DVD Audio Input: "Optical" vs. "Coaxial"

Discussion in 'Archived Threads 2001-2004' started by Shawn_T, Sep 4, 2001.

  1. Shawn_T

    Shawn_T Agent

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    Dear All,
    Thanks for clarifying the 16:9 question that I posted earlier. Now I have another question about the DVD AUDIO:
    My Sony A/V Unit (equipped with built-in Dolby Digital/DTS Decoder) has both the OPTICAL and COAXIAL (and traditional Front, Left, Right, Sub-Woofer) Inputs.
    In the past I have enjoyed my OPTICAL input connection since the clarity of the sound was amazing.
    Recently I have purchased a PlayStation 2 system and I have connected its sound via OPTICAL (yes, PlayStation 2 games DO utilize full 5.1 Dolby Digital!) as a result I am only left with COAXIAL connection for my DVD AUDIO.
    The Question:
    Does COAXIAL has lesser clarity compared to OPTICAL? I mean I have now purchased a COAXIAL MONSTER CABLE and to be honest with you I can not tell the difference between the OPTICAL and COAXIAL. (I mean they are both GOOD)
    Thanks again for helping a fellow newbie!
    [Edited last by Shawn_T on September 04, 2001 at 02:43 PM]
     
  2. David Susilo

    David Susilo Screenwriter

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    for compressed multichannel audio, no difference, if you are talking about PCM, you are opening a whole different can of worms which I'm not going to start here.
     
  3. Mike__D

    Mike__D Supporting Actor

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    Shawn,
    I recently asked the same question and the answers I was getting was that they sound the same. On person was an engineer, and said that optical cable was more prone to errors in that you couldn't bend it as much, but it was better for longer runs (or something very similar to that).
    Mike D.
     
  4. RyanDinan

    RyanDinan Stunt Coordinator

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    Shawn,
    Most people will tell you that coax and toslink (optical) sound identicle - Because they're both passing a DIGITAL signal. However, these digital signals use an ANALOG timing, which can be affected by the type of cable.
    People who can hear a difference are audiophiles who know what to listen for. Most of us however, would not be able to tell what cable was used in an A/B comparison.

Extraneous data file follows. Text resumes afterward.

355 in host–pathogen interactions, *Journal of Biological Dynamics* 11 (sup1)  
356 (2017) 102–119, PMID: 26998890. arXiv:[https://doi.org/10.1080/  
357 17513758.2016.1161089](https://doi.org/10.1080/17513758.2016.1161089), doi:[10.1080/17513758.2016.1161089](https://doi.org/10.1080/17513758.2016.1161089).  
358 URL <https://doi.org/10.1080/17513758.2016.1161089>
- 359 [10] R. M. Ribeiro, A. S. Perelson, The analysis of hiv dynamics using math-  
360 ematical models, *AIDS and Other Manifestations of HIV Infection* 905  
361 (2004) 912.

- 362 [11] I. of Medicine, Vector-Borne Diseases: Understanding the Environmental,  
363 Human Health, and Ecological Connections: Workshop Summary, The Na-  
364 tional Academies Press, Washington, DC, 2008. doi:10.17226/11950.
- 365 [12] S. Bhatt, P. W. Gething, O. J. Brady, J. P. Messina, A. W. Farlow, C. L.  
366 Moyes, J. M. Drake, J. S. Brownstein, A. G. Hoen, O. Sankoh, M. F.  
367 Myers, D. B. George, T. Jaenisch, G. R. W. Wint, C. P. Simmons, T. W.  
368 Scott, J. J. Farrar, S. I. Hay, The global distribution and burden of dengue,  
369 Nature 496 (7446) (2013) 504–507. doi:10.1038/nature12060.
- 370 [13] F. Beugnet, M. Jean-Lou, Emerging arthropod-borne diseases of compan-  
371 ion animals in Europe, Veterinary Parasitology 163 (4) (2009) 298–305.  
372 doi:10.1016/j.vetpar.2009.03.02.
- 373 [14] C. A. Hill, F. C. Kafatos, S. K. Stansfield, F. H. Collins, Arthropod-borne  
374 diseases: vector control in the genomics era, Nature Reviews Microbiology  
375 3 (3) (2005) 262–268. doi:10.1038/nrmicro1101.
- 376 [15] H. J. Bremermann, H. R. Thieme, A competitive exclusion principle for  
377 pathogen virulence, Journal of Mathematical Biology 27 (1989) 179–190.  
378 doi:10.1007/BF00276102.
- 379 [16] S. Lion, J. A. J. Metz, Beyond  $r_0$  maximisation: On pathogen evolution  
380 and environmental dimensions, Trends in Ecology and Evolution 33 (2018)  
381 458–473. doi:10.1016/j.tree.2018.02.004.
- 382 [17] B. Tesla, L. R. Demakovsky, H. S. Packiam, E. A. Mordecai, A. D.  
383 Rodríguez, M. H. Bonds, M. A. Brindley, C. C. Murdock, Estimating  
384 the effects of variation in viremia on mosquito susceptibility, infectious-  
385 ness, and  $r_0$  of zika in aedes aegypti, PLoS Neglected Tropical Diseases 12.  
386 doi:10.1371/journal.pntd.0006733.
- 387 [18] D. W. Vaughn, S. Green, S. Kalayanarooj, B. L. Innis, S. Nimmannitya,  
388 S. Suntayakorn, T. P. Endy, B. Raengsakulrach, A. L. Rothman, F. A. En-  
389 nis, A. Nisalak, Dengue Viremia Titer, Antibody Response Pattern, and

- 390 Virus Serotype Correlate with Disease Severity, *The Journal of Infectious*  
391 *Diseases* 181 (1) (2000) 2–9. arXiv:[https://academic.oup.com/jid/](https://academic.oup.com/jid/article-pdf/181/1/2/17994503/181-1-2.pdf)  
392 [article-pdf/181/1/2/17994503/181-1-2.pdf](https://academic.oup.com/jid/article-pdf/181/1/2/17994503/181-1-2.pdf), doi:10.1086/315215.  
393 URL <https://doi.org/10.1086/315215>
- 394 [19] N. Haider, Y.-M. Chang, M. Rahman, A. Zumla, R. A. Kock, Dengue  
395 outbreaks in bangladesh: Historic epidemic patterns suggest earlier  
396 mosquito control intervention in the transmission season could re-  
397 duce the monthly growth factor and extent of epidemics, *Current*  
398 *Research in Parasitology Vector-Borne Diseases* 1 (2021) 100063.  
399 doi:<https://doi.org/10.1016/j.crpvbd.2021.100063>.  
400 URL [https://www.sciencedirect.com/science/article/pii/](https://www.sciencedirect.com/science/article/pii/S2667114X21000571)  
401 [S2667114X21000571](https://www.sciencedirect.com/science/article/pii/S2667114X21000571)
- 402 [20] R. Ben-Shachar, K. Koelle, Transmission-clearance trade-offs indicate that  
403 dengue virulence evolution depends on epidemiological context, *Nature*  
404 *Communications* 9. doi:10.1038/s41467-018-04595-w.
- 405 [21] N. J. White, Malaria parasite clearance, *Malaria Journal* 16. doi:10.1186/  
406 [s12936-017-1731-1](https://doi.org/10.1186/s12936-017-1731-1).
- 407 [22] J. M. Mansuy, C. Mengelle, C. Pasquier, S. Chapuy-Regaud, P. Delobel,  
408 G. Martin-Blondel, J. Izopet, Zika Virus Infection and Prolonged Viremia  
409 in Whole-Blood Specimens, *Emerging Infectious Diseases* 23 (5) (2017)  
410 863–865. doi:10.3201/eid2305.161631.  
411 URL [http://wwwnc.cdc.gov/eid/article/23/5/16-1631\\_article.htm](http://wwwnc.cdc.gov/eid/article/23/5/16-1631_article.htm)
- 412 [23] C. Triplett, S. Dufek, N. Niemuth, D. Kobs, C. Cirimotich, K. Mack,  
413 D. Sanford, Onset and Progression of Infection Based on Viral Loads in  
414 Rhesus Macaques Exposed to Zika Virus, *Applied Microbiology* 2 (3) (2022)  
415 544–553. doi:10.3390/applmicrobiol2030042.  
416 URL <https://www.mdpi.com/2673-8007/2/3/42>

Pros of coax: More durable
    Cons of coax: Vulnerable to outside interference
    Pros of optical: Immune to outside interference
    Cons of optical: Fragile; cannot be bent at sharp angles
    Some prefer coax, some prefer optical. I can't really tell a difference.
    -Ryan Dinan
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    [​IMG]
     
  5. Elbert Lee

    Elbert Lee Supporting Actor

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    Shawn - Traditionally, Coax is considered the "higher end" means of transporting a digital signal. It has a higher bandwidth than Optical. In fact, most of the high end CD transports only have coax because of this fact.
    However, for most consumer dvd players, especially for movies, you probably won't hear the slightest difference.
    Advantages of coax is the wider bandwidth and supposedly superior sound. Advantages of Optical is that it's not subject to interference over long runs.
    My opinion, if you are going to run a lenght under 2 meters (6.6 feet) go with coax, otherwise, Optical is just fine.
    I personally try to stay with coax unless the length is too long or if I run out of coax inputs, I'll relegate my lesser sources (DBS/SAT and CD megachanger) to optical. BTW - I personally have encountered more problems with audio drop outs using optical and none with coax.
    Elbert
    [Edited last by Elbert Lee on September 04, 2001 at 03:36 PM]
     
  6. Saurav

    Saurav Cinematographer

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  7. Keith Mickunas

    Keith Mickunas Cinematographer

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    One definite advantage of optical over coax is it can't introduce a ground loop problem. However that doesn't mean coax always will introduce the problem, and if you don't hear the hum, then it ain't a problem for you. Personally I'm of the "bits is bits" camp and don't believe either should matter. But that's just my opinion. But on this matter I think Saurav hit the nail on the head.
     
  8. JasonKrol

    JasonKrol Supporting Actor

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    on a side note of his post: yes PS2 is DD and DTS but only in movies, and I stress movies. (ie only in-game cut-scenes are DD, not actual gameplay.)